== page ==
Undaunted, Sharer prefiled a proposed constitutional amendment to define marriage as a union of one man and one woman. Although even some Republicans privately admit that Senate Joint Resolution 6 probably won’t pass — and Gov. Martinez has said she won’t push for it — Sharer is expected to put up a good fight.

Sen. Linda Lopez, D-Albuquerque and Sen. Howie Morales, D-Silver City

Both of these senators are running in the Democratic primary for governor, and both are expected to be quite active in the session.

Lopez, as chairwoman of the Senate Rules Committee, has promised to hold a hearing on the controversial nomination of Public Education Department Secretary-designate Hanna Skandera. That nomination, which is opposed by most Senate Democrats, has been held up since 2011.

She also has said the Rules Committee plans to hold a hearing about about the controversial multimillion-dollar lease awarded to The Downs Racetrack & Casino in Albuquerque in 2011. Some former members of Gov. Martinez’s political team have said they have been questioned by the FBI about the lease, which was awarded to a partnership headed by large contributors to the governor. (Martinez’s people have denied there is any such investigation, and the FBI, as per its policy, will not confirm or deny any investigation.) Next only to the Skandera nomination, this promises to be the most politically heated hearing of the session.)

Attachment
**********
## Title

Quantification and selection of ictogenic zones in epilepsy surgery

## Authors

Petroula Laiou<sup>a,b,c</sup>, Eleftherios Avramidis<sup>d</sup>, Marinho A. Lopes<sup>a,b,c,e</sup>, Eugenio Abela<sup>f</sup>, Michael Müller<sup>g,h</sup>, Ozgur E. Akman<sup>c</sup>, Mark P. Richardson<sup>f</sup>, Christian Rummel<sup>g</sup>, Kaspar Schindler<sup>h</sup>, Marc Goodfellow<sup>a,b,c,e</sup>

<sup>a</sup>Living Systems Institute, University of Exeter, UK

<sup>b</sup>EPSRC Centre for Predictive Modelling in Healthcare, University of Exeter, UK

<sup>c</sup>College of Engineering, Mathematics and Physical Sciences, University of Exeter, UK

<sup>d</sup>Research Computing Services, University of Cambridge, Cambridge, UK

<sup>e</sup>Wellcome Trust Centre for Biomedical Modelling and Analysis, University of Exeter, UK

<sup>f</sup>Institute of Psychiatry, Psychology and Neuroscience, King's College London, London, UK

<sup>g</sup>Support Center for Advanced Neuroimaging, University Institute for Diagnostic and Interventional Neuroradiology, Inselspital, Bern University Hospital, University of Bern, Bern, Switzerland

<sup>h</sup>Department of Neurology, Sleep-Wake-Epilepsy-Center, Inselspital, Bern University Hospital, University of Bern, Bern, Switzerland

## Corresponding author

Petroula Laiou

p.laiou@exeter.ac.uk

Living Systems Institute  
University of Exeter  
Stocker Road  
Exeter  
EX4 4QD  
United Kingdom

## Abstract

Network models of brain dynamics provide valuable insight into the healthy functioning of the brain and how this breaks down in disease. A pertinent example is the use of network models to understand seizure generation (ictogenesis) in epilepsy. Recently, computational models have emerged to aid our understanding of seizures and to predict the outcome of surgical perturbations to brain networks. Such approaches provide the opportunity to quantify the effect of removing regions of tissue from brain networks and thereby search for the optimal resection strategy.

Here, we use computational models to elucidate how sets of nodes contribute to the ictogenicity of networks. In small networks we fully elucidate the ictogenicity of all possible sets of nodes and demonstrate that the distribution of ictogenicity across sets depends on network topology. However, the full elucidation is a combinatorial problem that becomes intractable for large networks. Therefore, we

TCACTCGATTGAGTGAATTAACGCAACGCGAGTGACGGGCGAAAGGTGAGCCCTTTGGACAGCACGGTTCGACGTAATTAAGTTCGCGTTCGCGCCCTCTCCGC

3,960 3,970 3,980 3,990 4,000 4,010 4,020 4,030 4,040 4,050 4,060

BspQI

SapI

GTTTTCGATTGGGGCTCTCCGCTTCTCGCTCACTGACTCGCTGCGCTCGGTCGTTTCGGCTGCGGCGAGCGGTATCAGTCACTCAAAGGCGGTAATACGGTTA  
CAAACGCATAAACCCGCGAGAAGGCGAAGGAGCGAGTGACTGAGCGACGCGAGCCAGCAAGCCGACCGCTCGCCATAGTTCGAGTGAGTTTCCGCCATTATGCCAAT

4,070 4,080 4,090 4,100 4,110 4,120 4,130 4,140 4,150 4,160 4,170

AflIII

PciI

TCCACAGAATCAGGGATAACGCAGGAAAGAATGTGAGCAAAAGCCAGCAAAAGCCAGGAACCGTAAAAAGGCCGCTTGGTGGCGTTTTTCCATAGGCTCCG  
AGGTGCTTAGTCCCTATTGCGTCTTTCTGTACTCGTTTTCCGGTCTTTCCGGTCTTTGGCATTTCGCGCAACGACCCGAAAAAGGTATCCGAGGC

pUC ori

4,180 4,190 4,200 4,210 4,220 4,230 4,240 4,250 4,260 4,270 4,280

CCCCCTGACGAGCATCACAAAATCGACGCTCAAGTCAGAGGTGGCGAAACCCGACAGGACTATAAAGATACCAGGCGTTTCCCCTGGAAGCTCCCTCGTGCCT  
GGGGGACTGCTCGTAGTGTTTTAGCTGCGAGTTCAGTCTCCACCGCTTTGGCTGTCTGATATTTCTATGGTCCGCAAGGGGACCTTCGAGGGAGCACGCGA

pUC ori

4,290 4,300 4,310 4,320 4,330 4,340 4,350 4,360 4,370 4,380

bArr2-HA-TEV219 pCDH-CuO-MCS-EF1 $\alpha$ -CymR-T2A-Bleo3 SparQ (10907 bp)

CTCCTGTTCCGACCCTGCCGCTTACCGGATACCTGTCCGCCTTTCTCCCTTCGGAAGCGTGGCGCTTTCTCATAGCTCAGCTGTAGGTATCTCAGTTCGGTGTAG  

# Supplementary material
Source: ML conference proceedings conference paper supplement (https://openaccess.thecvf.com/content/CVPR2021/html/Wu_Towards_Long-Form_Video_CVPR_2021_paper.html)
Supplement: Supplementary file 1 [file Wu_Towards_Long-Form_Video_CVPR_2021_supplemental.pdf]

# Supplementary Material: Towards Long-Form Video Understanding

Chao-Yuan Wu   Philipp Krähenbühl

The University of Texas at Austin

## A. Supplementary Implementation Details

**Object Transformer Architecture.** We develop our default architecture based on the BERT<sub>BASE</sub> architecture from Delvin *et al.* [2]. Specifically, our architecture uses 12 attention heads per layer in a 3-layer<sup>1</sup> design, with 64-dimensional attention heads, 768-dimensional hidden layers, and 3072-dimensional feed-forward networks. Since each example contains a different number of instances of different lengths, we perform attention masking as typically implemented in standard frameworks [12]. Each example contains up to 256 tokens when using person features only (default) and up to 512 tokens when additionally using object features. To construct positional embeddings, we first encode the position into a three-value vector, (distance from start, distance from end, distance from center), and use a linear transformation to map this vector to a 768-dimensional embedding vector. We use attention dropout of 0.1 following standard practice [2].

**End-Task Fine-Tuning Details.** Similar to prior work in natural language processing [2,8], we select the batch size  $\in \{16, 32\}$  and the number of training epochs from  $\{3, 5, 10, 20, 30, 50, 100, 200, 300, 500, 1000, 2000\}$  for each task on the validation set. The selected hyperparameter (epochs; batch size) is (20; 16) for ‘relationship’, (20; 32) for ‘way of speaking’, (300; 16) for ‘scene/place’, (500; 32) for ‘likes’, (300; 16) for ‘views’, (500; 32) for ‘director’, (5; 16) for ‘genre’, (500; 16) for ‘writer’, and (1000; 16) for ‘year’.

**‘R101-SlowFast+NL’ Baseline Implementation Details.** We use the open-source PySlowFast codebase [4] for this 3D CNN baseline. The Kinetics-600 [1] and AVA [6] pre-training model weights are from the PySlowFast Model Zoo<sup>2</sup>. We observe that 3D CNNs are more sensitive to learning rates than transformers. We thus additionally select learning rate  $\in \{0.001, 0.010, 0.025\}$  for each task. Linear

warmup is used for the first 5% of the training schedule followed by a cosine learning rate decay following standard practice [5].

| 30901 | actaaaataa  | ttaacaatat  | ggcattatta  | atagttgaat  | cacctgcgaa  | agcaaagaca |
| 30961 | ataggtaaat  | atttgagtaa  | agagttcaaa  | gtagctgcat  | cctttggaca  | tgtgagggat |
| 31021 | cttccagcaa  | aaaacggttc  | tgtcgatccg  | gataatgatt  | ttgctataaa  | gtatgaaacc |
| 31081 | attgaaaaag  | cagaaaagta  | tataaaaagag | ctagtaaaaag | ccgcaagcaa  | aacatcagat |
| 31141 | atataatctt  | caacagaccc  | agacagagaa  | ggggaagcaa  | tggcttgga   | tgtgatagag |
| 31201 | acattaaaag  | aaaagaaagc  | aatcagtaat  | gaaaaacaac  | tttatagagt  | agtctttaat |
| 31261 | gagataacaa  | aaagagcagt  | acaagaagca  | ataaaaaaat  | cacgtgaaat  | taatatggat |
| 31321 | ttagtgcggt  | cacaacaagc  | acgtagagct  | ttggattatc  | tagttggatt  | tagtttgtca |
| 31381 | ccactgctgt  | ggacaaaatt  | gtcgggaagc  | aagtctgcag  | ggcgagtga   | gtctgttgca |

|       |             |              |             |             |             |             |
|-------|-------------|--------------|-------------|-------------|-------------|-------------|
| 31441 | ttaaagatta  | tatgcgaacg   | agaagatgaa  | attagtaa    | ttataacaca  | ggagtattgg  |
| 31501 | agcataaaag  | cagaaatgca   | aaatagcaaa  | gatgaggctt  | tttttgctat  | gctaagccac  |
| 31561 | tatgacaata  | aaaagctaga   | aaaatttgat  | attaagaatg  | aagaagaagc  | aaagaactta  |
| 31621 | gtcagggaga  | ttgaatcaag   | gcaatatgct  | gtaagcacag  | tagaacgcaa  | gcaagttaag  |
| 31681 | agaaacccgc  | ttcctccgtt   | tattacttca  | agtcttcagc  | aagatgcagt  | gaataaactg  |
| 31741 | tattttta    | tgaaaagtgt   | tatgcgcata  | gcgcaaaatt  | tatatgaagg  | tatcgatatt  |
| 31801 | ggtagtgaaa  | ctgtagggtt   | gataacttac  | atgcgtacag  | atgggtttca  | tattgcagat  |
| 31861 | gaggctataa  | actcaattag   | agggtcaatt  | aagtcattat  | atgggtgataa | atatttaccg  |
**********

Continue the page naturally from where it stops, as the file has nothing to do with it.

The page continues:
Meanwhile, Morales is a member of the Senate Education Committee. With education being one of the hot topics of this session, expect Morales to take a big role in fighting for the Democrats’ positions.



Senate President Pro Tem Mary Kay Papen, D-Las Cruces

Senate Majority Leader Michael Sanchez, D-Belen

Senate Majority Whip Tim Keller, D-Albuquerque

Senate Minority Leader Stuart Ingle, R-Portales

Senate Minority Whip Bill Payne, R-Albuquerque

House Speaker Kenny Martinez, D-Grants

House Majority Leader Rick Miera, D-Albuquerque

House Majority Whip Antonio “Moe” Maestas, D-Albuquerque

House Minority Leader Don Bratton, R-Hobbs

House Minority Whip Nate Gentry, R-Albuquerque